Through her elegiac appeals, Dickinson has positioned herself in our cultural memory, insinuating her elegiac rhetoric in diverse communities of mourning. Because elegiac poetry like Emily Dickinson's so strongly shapes our cultural modes of mourning, we must attend to its rhetorical effects. Like the public memorials for the Columbine tragedy, elegiac poetry helps us cope with loss by arbitrating personal and communal identities through epideictic rhetoric that seems more than "minor" (Walker 330).

Short, elegiac poems like Dickinson's may be especially helpful "equipments for living" in part because they are memorable (Burke, PLF 302). For example, Mell McDonnell describes how Dickinson's poem "'Hope' is the thing with feathers" came to her mind when, as the United 232 flight she was on started to crash, she wondered "What's the right way to die?" (65). McDonnell illustrates how Dickinson's poem helped her cope with the plane crash as it was happening by interspersing Dickinson's lines with her account of the events; she writes "The worst is yet to come—is happening now—and I cling to [Dickinson's] words. They are my only shield against annihilation" (66).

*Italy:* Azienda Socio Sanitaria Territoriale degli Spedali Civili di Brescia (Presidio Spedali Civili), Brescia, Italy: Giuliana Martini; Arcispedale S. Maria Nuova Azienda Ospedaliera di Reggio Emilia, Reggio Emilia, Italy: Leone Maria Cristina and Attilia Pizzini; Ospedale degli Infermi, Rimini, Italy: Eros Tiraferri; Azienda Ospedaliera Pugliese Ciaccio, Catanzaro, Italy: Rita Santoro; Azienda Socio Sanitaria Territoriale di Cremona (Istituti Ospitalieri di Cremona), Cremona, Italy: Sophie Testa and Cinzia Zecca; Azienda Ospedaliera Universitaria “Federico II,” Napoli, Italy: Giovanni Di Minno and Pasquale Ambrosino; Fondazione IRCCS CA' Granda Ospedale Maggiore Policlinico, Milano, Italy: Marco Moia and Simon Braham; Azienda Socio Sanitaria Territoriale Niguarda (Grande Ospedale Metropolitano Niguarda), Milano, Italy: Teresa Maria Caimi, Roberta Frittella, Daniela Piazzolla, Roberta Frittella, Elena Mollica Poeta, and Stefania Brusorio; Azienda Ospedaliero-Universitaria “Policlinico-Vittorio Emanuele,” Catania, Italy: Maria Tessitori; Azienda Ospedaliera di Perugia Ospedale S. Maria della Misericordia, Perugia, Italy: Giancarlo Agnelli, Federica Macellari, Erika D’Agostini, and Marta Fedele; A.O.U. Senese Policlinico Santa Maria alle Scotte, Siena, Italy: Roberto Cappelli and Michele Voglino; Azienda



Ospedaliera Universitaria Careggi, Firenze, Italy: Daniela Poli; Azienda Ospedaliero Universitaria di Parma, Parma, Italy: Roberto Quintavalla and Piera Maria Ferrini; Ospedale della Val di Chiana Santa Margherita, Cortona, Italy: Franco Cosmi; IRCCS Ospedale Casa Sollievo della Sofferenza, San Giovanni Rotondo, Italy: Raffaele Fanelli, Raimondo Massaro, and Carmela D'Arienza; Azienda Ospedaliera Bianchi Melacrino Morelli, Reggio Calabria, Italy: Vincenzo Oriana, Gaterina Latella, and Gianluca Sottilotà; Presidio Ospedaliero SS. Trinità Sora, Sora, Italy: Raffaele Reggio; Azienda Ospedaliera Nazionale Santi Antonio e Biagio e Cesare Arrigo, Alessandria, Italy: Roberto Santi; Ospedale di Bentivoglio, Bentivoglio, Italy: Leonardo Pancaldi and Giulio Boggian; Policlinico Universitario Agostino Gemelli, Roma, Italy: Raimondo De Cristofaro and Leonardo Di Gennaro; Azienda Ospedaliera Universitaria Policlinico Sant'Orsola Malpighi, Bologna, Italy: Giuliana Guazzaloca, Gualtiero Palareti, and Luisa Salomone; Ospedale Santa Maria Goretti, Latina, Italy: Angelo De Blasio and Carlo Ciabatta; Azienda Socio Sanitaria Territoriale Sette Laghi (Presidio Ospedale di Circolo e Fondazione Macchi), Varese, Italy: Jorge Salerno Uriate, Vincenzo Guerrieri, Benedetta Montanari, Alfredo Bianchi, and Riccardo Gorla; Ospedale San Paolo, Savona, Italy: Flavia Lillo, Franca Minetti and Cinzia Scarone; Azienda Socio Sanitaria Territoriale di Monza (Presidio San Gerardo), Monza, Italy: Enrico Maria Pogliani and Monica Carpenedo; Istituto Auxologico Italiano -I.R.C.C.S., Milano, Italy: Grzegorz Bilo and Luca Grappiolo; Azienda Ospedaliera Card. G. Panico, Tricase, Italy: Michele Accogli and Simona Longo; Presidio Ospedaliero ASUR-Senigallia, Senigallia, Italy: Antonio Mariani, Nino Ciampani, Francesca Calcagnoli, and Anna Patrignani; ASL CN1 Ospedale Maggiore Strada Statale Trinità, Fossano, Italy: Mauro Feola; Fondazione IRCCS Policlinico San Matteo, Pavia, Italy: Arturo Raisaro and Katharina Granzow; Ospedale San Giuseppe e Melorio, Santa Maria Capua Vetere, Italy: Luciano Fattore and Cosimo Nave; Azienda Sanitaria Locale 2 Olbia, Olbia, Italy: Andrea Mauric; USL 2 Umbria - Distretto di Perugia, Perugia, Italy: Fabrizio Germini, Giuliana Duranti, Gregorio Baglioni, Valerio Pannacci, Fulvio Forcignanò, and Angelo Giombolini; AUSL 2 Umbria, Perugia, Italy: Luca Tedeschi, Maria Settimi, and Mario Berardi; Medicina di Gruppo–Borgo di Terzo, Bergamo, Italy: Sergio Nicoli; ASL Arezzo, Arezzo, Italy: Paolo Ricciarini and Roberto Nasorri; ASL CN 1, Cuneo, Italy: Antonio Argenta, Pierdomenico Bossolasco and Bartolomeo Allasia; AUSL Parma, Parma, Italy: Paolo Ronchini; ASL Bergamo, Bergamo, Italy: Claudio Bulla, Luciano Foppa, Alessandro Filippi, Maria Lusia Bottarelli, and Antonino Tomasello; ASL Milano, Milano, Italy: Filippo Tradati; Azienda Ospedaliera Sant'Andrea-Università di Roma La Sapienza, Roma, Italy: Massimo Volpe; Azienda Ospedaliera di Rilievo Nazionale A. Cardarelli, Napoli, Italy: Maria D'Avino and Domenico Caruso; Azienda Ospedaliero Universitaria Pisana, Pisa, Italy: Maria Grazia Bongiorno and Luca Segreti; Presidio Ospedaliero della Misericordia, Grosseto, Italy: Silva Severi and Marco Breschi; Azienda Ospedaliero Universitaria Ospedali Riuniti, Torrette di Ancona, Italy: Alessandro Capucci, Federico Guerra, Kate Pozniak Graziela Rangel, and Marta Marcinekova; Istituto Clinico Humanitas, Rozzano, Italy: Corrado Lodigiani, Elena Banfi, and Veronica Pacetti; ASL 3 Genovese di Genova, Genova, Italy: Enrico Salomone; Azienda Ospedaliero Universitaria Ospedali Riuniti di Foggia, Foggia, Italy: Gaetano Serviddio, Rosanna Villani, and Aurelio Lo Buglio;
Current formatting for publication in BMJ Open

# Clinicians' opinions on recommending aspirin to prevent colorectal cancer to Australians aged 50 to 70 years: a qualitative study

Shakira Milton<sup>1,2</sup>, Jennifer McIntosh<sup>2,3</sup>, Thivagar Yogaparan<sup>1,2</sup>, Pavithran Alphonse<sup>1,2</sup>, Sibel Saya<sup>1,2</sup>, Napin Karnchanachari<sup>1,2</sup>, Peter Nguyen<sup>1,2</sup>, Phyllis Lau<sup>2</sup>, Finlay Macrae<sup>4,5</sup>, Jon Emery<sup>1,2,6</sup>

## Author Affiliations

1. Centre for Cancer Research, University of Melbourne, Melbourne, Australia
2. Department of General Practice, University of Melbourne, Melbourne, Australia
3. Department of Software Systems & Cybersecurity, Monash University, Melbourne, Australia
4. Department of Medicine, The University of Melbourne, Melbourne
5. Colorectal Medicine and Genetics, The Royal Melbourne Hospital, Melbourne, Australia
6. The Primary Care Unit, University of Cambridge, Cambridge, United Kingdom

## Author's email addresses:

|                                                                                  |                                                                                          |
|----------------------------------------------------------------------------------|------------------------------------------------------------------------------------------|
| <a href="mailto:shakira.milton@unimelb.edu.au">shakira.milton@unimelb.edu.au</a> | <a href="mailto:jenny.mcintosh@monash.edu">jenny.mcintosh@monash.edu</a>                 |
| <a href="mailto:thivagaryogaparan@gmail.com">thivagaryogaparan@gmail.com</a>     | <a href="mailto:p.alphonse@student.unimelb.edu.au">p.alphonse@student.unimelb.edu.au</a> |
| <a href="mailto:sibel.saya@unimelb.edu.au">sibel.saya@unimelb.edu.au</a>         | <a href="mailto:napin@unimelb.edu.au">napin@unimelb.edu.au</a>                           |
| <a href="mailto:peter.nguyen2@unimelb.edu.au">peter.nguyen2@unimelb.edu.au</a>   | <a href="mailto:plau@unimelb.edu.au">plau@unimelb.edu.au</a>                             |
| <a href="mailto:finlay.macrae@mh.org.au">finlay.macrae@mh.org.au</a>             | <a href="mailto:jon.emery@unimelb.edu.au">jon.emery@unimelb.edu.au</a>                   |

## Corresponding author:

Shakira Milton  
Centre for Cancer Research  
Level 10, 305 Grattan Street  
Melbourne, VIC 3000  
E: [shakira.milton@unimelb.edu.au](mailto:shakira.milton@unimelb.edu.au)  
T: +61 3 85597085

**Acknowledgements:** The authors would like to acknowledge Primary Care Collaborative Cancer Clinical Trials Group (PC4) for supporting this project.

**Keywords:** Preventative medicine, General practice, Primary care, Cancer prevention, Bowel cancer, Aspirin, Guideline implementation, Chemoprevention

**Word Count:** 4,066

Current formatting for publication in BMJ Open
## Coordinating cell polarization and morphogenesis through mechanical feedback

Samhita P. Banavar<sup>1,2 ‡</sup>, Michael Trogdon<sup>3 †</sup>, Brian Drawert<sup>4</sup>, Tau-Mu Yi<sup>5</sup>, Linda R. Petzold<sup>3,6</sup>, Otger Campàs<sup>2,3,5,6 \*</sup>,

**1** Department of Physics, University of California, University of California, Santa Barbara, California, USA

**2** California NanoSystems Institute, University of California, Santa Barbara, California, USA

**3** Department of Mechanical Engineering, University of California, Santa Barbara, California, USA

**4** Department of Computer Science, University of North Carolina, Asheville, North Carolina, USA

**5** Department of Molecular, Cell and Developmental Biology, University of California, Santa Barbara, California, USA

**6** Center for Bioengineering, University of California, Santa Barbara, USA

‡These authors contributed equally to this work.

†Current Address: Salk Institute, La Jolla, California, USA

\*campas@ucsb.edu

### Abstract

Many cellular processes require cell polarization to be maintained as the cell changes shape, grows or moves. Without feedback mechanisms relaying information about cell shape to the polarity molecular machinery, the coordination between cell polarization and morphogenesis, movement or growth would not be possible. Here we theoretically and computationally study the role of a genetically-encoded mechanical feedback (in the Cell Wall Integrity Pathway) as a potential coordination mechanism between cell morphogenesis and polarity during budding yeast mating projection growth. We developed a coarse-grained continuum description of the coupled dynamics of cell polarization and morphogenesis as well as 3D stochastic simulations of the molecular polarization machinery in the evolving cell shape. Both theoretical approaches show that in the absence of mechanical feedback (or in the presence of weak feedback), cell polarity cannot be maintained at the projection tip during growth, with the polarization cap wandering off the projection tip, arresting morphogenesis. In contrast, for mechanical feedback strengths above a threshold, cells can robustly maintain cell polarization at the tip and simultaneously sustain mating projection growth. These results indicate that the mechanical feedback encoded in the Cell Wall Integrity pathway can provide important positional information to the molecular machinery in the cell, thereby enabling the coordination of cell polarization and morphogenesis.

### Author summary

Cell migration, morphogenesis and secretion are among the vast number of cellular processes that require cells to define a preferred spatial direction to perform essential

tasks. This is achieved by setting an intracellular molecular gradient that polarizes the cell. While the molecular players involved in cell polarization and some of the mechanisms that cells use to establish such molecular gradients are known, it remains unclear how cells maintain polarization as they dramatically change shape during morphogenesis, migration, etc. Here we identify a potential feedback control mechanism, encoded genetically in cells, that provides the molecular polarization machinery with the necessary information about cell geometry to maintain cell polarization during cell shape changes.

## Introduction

Dickinson's words were "a life preserver" for McDonnell, who felt like they were "equipments" for survival (McDonnell 66; Burke, PLF 302). Dickinson's poem had this life-sustaining effect for McDonnell in part because she remembered it in the moment of trauma—and the poem is memorable not only because it is relatively short, but also because it appeal to readers' memory through mnemonic devices like rhyme (i.e. "heard" and "bird," and "sea," "extremity," and "me") and rhythm patterns (every other line of has six syllables (Dickinson, "'Hope is the thing with feathers" 5, 7, 10-12). Other elegiac poems by poets discussed here, including Robert Frost, John Donne, and John Keats, also appeal to readers' memory through such mnemonic devices. Like Dickinson, these poets endure in our cultural memory and continue to inform our understanding of loss and grief.